It has been about seven weeks since the coronavirus pandemic began to affect state and federal courts in the United States. At this point, it seems worthwhile to set out the ways in which courts have responded, both by adjusting their own operations and by reaching out to others in the external environment. We can also begin to consider which of the current changes might stick after the pandemic subsides.
Hearings and transparency. Many state court systems have proven remarkably agile at moving in-court proceedings to telephone and videoconference platforms. Both trial and appellate courts are now holding regular hearings via Zoom (although some lawyers apparently need a reminder about appropriate dress). At least one state court has even conducted a full bench trial by Zoom. The federal court system has also made impressive strides, albeit with a bit more reluctance. In late March, the Judicial Conference of the United States authorized the Chief Judge of each federal district court to permit selected criminal hearings within the district to proceed by videoconference. Federal appellate courts have also begun conducting criminal hearings by videoconference. And the United States Supreme Court announced that after a coronavirus-induced hiatus, it would hear a handful of regularly scheduled oral arguments by telephone beginning in May. Continue reading “COVID-19 and the courts: Where we are and where we might be going”
The coronavirus crisis and consequent social distancing has spurred many courts to move their hearings to videoconference. In light of the circumstances, some courts have relaxed certain formalities for online hearings, including the donning of judicial robes. This is a sensible practice, especially since judges already take on a slightly more relaxed feel when meeting with counsel in chambers, or otherwise outside the courtroom.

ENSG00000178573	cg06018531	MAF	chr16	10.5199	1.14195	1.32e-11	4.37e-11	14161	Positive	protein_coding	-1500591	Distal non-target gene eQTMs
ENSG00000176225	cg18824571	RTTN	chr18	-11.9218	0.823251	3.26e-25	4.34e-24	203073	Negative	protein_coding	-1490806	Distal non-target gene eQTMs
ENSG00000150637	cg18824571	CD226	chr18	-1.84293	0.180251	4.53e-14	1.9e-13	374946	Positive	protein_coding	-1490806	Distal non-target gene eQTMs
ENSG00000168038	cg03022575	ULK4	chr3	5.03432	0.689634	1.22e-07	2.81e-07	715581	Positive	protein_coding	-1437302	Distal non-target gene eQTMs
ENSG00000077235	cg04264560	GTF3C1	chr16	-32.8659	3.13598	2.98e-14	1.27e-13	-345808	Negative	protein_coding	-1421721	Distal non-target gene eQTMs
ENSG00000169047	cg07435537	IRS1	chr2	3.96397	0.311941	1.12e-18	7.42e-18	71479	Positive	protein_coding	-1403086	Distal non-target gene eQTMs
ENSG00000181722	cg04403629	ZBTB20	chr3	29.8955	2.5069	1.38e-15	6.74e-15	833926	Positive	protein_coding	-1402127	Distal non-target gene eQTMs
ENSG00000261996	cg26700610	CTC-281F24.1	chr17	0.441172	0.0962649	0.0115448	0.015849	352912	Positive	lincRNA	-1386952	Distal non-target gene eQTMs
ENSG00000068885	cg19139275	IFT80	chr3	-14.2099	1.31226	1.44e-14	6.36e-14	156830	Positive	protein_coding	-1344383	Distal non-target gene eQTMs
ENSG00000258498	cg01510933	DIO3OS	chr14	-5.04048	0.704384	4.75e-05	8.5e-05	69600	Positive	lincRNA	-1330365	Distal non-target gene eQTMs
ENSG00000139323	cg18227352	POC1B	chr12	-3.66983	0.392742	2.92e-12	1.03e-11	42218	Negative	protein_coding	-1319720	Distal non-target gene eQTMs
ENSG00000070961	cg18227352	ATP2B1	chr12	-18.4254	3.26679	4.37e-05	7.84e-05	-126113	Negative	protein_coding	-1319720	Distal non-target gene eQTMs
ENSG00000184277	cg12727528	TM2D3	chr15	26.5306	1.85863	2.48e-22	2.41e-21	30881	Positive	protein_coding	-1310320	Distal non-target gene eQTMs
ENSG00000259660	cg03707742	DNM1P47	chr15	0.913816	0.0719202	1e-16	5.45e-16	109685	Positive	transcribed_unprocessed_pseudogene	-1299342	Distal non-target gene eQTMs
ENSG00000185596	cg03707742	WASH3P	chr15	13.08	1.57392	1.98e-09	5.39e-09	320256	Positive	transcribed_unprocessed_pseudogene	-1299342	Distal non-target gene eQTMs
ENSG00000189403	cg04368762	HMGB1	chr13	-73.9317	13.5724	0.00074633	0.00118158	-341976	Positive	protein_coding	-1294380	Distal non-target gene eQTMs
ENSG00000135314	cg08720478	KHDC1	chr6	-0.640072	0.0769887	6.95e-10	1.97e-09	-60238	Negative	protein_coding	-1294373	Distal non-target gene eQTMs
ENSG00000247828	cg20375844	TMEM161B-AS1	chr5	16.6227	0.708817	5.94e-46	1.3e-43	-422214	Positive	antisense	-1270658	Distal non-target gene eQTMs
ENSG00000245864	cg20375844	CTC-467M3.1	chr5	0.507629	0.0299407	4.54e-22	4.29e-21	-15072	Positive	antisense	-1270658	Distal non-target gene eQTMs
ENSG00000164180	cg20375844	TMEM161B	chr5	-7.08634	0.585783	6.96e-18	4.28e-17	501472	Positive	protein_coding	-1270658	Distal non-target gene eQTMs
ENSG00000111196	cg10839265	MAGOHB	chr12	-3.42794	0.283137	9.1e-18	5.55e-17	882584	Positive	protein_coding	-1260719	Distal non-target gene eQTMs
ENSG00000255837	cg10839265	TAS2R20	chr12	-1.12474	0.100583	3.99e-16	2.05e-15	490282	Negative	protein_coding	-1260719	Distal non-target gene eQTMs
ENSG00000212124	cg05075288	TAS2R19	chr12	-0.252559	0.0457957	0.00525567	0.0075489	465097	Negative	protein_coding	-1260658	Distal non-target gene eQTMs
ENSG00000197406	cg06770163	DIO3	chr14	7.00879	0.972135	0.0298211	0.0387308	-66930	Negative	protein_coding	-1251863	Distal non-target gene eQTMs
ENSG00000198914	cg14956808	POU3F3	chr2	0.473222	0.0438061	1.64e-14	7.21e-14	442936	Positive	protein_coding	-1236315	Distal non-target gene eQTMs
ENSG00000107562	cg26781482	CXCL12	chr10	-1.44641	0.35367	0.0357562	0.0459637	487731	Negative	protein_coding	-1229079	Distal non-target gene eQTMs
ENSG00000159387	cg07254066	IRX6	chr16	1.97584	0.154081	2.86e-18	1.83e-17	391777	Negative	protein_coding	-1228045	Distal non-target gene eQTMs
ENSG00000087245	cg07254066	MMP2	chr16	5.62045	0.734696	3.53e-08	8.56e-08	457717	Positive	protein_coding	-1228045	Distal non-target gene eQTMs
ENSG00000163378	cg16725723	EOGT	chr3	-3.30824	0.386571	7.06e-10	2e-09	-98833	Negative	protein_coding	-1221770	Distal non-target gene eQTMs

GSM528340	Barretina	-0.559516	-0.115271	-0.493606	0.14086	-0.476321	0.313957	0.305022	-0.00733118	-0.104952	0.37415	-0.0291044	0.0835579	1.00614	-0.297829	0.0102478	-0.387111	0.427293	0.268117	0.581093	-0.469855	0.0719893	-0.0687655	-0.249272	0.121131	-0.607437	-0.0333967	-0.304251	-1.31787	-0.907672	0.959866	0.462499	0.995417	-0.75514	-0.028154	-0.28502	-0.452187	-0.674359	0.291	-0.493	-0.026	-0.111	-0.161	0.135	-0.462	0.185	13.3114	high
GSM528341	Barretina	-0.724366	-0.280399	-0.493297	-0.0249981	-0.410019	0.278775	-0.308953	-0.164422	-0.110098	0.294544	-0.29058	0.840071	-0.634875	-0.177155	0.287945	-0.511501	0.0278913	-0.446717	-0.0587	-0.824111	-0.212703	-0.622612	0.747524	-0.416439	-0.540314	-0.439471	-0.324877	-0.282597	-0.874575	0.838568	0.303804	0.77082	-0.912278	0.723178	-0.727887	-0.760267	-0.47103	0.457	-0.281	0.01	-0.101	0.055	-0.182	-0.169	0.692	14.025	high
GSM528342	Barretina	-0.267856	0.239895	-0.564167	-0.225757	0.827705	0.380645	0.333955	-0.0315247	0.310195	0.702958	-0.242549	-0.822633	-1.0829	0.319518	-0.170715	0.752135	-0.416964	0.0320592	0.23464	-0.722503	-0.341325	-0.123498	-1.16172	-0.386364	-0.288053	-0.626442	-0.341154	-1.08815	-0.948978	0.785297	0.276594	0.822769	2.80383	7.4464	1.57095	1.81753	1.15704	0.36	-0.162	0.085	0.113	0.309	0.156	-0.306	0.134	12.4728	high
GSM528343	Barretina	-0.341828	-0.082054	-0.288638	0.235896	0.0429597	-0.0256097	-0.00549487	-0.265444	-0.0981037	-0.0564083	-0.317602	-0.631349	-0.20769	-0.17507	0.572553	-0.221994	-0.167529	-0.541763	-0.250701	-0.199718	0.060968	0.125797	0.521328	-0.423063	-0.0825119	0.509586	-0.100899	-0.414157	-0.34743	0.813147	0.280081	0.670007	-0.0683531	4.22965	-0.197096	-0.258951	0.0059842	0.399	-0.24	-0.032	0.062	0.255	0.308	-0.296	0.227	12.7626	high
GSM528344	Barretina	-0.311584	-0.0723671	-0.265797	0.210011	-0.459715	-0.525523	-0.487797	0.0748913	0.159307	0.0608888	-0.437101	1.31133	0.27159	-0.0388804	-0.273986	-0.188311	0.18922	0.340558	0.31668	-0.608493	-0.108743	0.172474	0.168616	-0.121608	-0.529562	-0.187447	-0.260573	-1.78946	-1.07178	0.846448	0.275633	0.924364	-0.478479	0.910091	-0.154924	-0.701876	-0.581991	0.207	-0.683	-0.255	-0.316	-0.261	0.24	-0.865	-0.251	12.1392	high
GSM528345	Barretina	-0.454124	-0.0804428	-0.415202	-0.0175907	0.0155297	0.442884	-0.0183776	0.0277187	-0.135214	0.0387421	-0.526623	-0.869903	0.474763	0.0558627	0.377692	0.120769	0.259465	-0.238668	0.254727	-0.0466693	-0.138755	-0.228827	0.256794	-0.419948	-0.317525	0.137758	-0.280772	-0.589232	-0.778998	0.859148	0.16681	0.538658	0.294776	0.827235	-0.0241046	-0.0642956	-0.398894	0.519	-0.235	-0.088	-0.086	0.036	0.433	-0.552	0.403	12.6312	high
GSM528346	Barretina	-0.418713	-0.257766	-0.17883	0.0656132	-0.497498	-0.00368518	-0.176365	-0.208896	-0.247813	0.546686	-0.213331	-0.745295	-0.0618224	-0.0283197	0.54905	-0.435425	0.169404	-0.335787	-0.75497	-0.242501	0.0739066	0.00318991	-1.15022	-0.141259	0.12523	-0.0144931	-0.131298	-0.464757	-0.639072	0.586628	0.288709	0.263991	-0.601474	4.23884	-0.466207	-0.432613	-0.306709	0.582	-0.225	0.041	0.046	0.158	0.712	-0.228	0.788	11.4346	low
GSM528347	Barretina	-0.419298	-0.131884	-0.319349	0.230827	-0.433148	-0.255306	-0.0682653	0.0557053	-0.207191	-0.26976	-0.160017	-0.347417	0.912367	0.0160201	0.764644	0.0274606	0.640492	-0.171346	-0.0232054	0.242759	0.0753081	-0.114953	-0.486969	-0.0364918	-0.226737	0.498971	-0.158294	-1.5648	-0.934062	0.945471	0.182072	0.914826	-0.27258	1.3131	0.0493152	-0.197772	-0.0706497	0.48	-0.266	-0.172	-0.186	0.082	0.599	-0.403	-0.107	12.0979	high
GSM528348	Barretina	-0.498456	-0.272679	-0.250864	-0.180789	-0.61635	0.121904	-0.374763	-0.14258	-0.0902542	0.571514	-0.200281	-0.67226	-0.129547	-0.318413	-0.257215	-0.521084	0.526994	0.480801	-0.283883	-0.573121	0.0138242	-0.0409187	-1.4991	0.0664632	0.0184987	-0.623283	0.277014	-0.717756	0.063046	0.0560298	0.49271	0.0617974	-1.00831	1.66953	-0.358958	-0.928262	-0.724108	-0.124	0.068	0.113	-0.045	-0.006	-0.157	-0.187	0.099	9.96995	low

But some judges in Florida are finding that stay-at-home casualness is affecting lawyers’ professionalism a bit more starkly:
Broward circuit judge Dennis Bailey described some of what they’re seeing from the bench.
“It is remarkable how many ATTORNEYS appear inappropriately on camera,” Bailey wrote in a letter posted to the Weston Bar Associated website. “We’ve seen many lawyers in casual shirts and blouses, with no concern for ill-grooming, in bedrooms with the master bed in the background, etc. One male lawyer appeared shirtless and one female attorney appeared still in bed, still under the covers.
“And putting on a beach cover-up won’t cover up you’re poolside in a bathing suit. So, please, if you don’t mind, let’s treat court hearings as court hearings, whether Zooming or not.”
It would never occur to me in a million years to stop dressing professionally for a court hearing. It’s one thing to abandon complete formality (like a robe or a suit) in unusual circumstances like these. But it’s something altogether different to choose not to wear a shirt. Good grief.